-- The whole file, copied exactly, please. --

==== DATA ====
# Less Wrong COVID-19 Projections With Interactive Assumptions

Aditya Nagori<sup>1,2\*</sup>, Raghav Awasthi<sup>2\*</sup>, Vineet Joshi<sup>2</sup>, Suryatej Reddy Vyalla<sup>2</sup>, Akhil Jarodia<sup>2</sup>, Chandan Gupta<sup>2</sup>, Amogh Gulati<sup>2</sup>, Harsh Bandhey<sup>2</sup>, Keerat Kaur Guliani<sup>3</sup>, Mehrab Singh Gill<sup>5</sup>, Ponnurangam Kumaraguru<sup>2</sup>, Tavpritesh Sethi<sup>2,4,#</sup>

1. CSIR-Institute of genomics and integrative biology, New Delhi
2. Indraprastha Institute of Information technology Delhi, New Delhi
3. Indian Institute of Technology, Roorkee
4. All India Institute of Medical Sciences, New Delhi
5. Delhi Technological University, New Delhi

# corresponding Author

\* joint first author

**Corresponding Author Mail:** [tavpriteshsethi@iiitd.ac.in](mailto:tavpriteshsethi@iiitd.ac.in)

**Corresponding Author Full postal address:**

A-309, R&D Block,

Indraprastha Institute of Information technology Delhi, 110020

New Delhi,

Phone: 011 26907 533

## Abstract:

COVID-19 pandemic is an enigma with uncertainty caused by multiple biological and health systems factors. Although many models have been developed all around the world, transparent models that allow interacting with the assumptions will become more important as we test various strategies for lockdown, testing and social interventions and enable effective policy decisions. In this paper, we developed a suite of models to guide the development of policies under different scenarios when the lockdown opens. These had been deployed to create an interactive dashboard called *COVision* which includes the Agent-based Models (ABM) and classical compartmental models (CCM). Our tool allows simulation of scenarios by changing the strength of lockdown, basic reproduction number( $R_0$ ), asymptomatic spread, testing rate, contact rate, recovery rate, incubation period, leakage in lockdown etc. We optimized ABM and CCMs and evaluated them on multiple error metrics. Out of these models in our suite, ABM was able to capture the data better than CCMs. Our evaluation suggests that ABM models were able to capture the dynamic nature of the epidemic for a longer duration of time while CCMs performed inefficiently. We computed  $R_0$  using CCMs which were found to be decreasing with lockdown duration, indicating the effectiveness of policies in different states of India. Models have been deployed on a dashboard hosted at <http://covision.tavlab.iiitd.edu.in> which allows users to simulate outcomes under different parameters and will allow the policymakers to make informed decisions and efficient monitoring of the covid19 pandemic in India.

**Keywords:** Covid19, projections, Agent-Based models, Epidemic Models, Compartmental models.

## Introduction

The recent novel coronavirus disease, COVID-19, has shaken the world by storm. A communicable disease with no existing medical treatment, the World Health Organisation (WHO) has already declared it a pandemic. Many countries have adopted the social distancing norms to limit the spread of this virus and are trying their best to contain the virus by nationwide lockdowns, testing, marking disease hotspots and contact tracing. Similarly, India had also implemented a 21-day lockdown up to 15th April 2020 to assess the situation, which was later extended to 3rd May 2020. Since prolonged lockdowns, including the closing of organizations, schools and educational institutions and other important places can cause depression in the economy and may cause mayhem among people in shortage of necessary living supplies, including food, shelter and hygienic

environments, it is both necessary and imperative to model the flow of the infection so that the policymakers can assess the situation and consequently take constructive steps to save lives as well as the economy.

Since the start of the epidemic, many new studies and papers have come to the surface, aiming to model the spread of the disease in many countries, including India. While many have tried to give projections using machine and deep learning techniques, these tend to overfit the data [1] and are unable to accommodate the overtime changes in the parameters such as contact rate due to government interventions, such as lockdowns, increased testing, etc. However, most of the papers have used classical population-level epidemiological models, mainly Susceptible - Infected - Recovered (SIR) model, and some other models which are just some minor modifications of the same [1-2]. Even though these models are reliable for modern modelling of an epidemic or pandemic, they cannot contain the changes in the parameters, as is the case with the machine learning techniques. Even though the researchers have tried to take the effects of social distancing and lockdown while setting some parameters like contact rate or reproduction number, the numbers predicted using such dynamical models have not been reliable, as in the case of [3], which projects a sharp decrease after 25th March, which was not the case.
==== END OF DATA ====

# Less Wrong COVID-19 Projections With Interactive Assumptions

Aditya Nagori<sup>1,2\*</sup>, Raghav Awasthi<sup>2\*</sup>, Vineet Joshi<sup>2</sup>, Suryatej Reddy Vyalla<sup>2</sup>, Akhil Jarodia<sup>2</sup>, Chandan Gupta<sup>2</sup>, Amogh Gulati<sup>2</sup>, Harsh Bandhey<sup>2</sup>, Keerat Kaur Guliani<sup>3</sup>, Mehrab Singh Gill<sup>5</sup>, Ponnurangam Kumaraguru<sup>2</sup>, Tavpritesh Sethi<sup>2,4,#</sup>

1. CSIR-Institute of genomics and integrative biology, New Delhi
2. Indraprastha Institute of Information technology Delhi, New Delhi
3. Indian Institute of Technology, Roorkee
4. All India Institute of Medical Sciences, New Delhi
5. Delhi Technological University, New Delhi

# corresponding Author

\* joint first author

**Corresponding Author Mail:** [tavpriteshsethi@iiitd.ac.in](mailto:tavpriteshsethi@iiitd.ac.in)

**Corresponding Author Full postal address:**

A-309, R&D Block,

Indraprastha Institute of Information technology Delhi, 110020

New Delhi,

Phone: 011 26907 533

## Abstract:

COVID-19 pandemic is an enigma with uncertainty caused by multiple biological and health systems factors. Although many models have been developed all around the world, transparent models that allow interacting with the assumptions will become more important as we test various strategies for lockdown, testing and social interventions and enable effective policy decisions. In this paper, we developed a suite of models to guide the development of policies under different scenarios when the lockdown opens. These had been deployed to create an interactive dashboard called *COVision* which includes the Agent-based Models (ABM) and classical compartmental models (CCM). Our tool allows simulation of scenarios by changing the strength of lockdown, basic reproduction number( $R_0$ ), asymptomatic spread, testing rate, contact rate, recovery rate, incubation period, leakage in lockdown etc. We optimized ABM and CCMs and evaluated them on multiple error metrics. Out of these models in our suite, ABM was able to capture the data better than CCMs. Our evaluation suggests that ABM models were able to capture the dynamic nature of the epidemic for a longer duration of time while CCMs performed inefficiently. We computed  $R_0$  using CCMs which were found to be decreasing with lockdown duration, indicating the effectiveness of policies in different states of India. Models have been deployed on a dashboard hosted at <http://covision.tavlab.iiitd.edu.in> which allows users to simulate outcomes under different parameters and will allow the policymakers to make informed decisions and efficient monitoring of the covid19 pandemic in India.

**Keywords:** Covid19, projections, Agent-Based models, Epidemic Models, Compartmental models.

## Introduction

The recent novel coronavirus disease, COVID-19, has shaken the world by storm. A communicable disease with no existing medical treatment, the World Health Organisation (WHO) has already declared it a pandemic. Many countries have adopted the social distancing norms to limit the spread of this virus and are trying their best to contain the virus by nationwide lockdowns, testing, marking disease hotspots and contact tracing. Similarly, India had also implemented a 21-day lockdown up to 15th April 2020 to assess the situation, which was later extended to 3rd May 2020. Since prolonged lockdowns, including the closing of organizations, schools and educational institutions and other important places can cause depression in the economy and may cause mayhem among people in shortage of necessary living supplies, including food, shelter and hygienic

environments, it is both necessary and imperative to model the flow of the infection so that the policymakers can assess the situation and consequently take constructive steps to save lives as well as the economy.

Since the start of the epidemic, many new studies and papers have come to the surface, aiming to model the spread of the disease in many countries, including India. While many have tried to give projections using machine and deep learning techniques, these tend to overfit the data [1] and are unable to accommodate the overtime changes in the parameters such as contact rate due to government interventions, such as lockdowns, increased testing, etc. However, most of the papers have used classical population-level epidemiological models, mainly Susceptible - Infected - Recovered (SIR) model, and some other models which are just some minor modifications of the same [1-2]. Even though these models are reliable for modern modelling of an epidemic or pandemic, they cannot contain the changes in the parameters, as is the case with the machine learning techniques. Even though the researchers have tried to take the effects of social distancing and lockdown while setting some parameters like contact rate or reproduction number, the numbers predicted using such dynamical models have not been reliable, as in the case of [3], which projects a sharp decrease after 25th March, which was not the case.